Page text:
Investigation Into Northam Racist Yearbook Photo Inconclusive
An independent review of the racist photo on Virginia Governor Ralph Northam's 1984 medical school yearbook was unsurprisingly inconclusive.
It’s been nearly four months now since scandals of various types enveloped each of Virginia’s top three statewide leaders. It began, of course, with the seemingly out-of-the-blue discovery of the yearbook page of Virginia Governor Ralph Northam from his final year at the Eastern Virginia Medical School from 1984 which includes, along with pictures of Northam and others, a picture that depicts one person in blackface and another person wearing Ku Klux Klan garb. In his initial response to the news, Governor Northam apologized for the photograph and appeared to admit that he was one of the two people depicted in that photograph, although he did not say which one.
This led a plethora of statewide and national Democrats to call for his resignation, something which at least initially seemed as though it would happen. Within twenty-four hours after the release of the report, though, Northam held a press conference in which he denied being either of the people in the photo although he did admit to having once darkened his skin in connection with a Michael Jackson impersonation he performed in San Antonio later in 1984. This flip-flop and the general weirdness of that Saturday press conference did not satisfy critics and led more of the Commonwealth’s top Democrats to call on him to step aside, a move that he has so far not taken.
For better or worse, Northam survived what many initially believed would be a scandal that would force him from office and polls have shown that the voters in Virginia, especially African-Americans, are not holding the issue against him and don’t want to see him resign. Now, the story is back in the news thanks to the release of a report resulting from an independent investigation conducted for Northam’s alma mater by the prominent Virginia law firm McGuire Woods. That report basically ended with the conclusion that nobody could confirm if Northam was one of the two people in the controversial photograph, but that nobody could say definitively that he wasn’t one of the people in the photo:
On a Friday evening in February, Gov. Ralph Northam of Virginia confessed that he was one of two men in a racist photograph that had been published in a medical school yearbook about 35 years earlier. In a subsequent video, he apologized and promised to do better.
The next afternoon, standing before a throng of reporters, the Democrat suddenly recanted, and insisted that neither man in the picture, which showed one in a Ku Klux Klan robe and another in blackface, was him.
On Wednesday, almost four months after the photograph surfaced and plunged Virginia’s government into turmoil, investigators said they had been unable to determine which of Mr. Northam’s accounts was true.
“No one we interviewed told us the governor was in the photograph, and no one could positively state who was in the photograph,” the investigators, hired by Eastern Virginia Medical School, which awarded Mr. Northam his medical degree in 1984 and had been aware of the image for years, wrote in a 55-page report.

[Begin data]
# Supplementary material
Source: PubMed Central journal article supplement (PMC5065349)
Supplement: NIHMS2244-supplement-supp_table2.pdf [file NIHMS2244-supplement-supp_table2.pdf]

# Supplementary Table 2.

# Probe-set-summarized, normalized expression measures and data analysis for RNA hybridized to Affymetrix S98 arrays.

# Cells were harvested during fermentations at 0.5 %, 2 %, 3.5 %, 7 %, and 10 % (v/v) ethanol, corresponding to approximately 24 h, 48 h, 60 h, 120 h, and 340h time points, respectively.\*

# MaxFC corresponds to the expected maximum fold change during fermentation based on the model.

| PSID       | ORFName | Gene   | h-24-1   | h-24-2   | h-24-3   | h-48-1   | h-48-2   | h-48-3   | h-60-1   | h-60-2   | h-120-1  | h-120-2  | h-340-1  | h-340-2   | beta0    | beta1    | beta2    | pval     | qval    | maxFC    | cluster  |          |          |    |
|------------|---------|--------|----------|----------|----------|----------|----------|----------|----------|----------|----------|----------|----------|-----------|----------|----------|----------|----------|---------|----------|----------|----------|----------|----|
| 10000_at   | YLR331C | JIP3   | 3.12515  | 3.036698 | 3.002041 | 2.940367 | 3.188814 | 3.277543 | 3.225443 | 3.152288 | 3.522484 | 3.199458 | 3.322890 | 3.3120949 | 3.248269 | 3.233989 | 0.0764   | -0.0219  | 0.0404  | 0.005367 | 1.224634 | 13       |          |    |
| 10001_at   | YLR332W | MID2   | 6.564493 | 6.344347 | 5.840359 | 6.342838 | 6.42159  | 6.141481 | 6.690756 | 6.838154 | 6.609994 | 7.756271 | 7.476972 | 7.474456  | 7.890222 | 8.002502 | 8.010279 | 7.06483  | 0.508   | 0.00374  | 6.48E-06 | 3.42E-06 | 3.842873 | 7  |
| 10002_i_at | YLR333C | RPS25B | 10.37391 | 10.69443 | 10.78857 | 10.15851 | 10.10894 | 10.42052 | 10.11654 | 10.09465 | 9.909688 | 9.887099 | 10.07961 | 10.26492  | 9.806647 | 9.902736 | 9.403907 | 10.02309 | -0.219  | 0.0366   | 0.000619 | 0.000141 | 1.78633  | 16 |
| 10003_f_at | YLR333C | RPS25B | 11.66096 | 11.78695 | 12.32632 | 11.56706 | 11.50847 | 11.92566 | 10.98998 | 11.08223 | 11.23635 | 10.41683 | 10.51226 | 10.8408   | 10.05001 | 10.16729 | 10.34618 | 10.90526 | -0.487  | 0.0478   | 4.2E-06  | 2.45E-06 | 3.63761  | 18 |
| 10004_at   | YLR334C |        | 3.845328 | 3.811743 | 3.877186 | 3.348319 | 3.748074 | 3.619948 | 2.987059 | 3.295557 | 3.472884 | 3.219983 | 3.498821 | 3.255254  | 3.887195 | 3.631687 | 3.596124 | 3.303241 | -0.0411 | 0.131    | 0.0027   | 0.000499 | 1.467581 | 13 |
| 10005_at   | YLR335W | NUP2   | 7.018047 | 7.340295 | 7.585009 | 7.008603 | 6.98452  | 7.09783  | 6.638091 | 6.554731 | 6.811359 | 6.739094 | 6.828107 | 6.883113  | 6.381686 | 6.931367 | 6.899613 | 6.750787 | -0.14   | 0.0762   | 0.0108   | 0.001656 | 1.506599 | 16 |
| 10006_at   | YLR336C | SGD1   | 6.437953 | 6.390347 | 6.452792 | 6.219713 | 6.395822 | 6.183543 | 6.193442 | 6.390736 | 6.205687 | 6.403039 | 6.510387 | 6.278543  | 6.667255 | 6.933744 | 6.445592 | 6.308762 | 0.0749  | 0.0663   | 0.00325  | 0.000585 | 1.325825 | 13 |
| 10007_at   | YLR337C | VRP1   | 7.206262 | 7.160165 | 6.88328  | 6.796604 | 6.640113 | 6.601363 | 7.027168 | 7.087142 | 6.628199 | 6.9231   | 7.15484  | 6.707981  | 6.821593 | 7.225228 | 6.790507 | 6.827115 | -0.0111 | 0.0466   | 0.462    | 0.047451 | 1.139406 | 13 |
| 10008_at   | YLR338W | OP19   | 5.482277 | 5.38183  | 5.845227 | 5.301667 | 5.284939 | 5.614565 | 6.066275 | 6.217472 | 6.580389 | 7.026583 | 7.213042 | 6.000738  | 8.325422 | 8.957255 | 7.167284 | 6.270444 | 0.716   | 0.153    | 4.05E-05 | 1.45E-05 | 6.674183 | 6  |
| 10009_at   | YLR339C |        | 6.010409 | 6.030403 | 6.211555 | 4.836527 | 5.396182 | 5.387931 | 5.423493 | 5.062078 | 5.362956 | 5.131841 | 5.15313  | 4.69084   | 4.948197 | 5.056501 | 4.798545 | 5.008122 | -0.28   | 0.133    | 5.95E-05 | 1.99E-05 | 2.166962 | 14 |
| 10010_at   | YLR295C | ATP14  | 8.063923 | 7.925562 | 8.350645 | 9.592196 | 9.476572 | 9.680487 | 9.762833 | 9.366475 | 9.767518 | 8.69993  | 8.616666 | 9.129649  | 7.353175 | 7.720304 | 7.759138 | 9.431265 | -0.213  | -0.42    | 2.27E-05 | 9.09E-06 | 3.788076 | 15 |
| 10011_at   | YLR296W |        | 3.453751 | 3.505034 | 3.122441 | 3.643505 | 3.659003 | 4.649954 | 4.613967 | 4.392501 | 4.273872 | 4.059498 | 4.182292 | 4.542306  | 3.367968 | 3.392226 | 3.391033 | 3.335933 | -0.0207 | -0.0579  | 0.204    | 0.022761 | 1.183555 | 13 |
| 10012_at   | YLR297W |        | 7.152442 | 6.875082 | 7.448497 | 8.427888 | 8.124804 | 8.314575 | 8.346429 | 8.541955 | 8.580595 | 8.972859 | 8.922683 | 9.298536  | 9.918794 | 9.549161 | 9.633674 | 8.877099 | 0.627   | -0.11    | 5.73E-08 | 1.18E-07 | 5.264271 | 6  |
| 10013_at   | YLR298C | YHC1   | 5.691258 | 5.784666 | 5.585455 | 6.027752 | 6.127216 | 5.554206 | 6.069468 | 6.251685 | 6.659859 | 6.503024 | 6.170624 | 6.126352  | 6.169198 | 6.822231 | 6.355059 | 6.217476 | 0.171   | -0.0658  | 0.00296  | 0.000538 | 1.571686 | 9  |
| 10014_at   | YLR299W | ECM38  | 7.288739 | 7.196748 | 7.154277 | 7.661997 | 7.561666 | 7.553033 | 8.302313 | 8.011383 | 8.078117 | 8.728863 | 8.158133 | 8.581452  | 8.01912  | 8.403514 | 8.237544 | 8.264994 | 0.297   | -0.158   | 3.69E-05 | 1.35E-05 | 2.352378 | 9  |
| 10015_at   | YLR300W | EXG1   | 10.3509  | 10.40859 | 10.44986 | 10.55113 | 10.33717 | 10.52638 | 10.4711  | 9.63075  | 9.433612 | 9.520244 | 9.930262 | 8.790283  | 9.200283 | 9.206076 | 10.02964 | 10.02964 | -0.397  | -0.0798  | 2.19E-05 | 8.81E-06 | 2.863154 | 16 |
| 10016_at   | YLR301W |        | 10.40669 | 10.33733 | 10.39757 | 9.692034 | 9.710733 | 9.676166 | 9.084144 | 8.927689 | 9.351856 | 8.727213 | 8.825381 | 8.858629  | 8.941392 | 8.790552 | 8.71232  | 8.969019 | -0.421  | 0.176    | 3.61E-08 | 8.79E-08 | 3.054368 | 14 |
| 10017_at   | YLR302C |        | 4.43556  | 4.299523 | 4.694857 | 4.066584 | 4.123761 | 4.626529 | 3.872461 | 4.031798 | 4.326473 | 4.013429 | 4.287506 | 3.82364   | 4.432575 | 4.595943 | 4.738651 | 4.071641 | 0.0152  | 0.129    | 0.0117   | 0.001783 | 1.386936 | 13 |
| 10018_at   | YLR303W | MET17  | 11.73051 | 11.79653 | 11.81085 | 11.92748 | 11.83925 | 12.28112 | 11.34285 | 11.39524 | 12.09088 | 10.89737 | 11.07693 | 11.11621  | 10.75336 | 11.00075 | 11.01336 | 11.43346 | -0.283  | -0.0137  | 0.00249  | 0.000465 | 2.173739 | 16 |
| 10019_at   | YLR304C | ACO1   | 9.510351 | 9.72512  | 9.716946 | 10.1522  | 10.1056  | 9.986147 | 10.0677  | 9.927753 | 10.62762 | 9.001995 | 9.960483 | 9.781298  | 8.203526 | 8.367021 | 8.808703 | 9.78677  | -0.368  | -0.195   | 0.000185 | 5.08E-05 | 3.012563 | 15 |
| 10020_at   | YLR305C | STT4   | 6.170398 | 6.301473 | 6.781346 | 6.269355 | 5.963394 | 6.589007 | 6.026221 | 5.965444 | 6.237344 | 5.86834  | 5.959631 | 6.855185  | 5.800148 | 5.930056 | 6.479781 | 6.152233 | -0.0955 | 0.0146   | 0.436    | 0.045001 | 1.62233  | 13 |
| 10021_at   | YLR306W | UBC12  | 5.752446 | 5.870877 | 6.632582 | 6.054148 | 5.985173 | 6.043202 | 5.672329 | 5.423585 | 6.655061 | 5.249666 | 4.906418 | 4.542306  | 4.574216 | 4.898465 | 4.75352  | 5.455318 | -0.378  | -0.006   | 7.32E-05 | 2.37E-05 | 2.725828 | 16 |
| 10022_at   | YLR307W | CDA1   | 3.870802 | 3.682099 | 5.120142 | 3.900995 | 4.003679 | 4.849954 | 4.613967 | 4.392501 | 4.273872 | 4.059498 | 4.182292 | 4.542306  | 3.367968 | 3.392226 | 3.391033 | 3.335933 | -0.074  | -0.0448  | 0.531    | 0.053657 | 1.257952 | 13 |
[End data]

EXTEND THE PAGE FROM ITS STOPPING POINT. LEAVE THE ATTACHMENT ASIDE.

The inquiry also did not determine whether the photograph had been placed in error on a page that included Mr. Northam’s name and pictures.
But the report detailed how the gravest crisis of Mr. Northam’s career unfolded behind closed doors, and how early decisions helped shape a “shocking and chaotic” drama that left Virginians flummoxed, the statehouse in shambles and the governor more a punch line than a powerful politician. On Wednesday, the governor again denied that he was in the “racist and offensive photo that appears under my name.”
“I know and understand the events of early February and my response to them have caused hurt for many Virginians and for that, I am sorry,” Mr. Northam, who had rebuffed calls for his resignation, said in a statement after the report’s release. “I felt it was important to take accountability for the photo’s presence on my page, but rather than providing clarity, I instead deepened pain and confusion.”
Indeed, the turmoil that began with the yearbook picture taxed Mr. Northam’s credibility and also spread throughout Virginia government. In the days that followed Mr. Northam’s shifting explanations, Lt. Gov. Justin E. Fairfax was accused of sexual assault, which he denied, and Attorney General Mark R. Herring acknowledged that he had worn blackface as an undergraduate student. Mr. Fairfax and Mr. Herring, also Democrats, remain in office
Given that messy line of succession, as well as polls that showed most Virginia voters wanted Mr. Northam to stay, the calls for his resignation from fellow Democrats ebbed. Some even said they regretted making such calls too quickly.
Mr. Northam then pledged to dedicate the remainder of his term to focusing on issues of inequity, a vow that members of the state’s Legislative Black Caucus said he has so far showed signs of honoring.
The governor slowly and steadily began resuming a public schedule, but the awkwardness remains, especially in a year of legislative elections. An appearance by the governor is still seen as a risk by other Democrats on the campaign trail, and rearrangements under public pressure have been necessary. Republicans have been in no mood to let the scandals fade away, and on Wednesday, the Republican Party of Virginia renewed its demand that Mr. Northam quit.
“Only one person has confessed to being in the racist photograph, and that person is Ralph Northam,” the party chairman, Jack Wilson, said in a statement.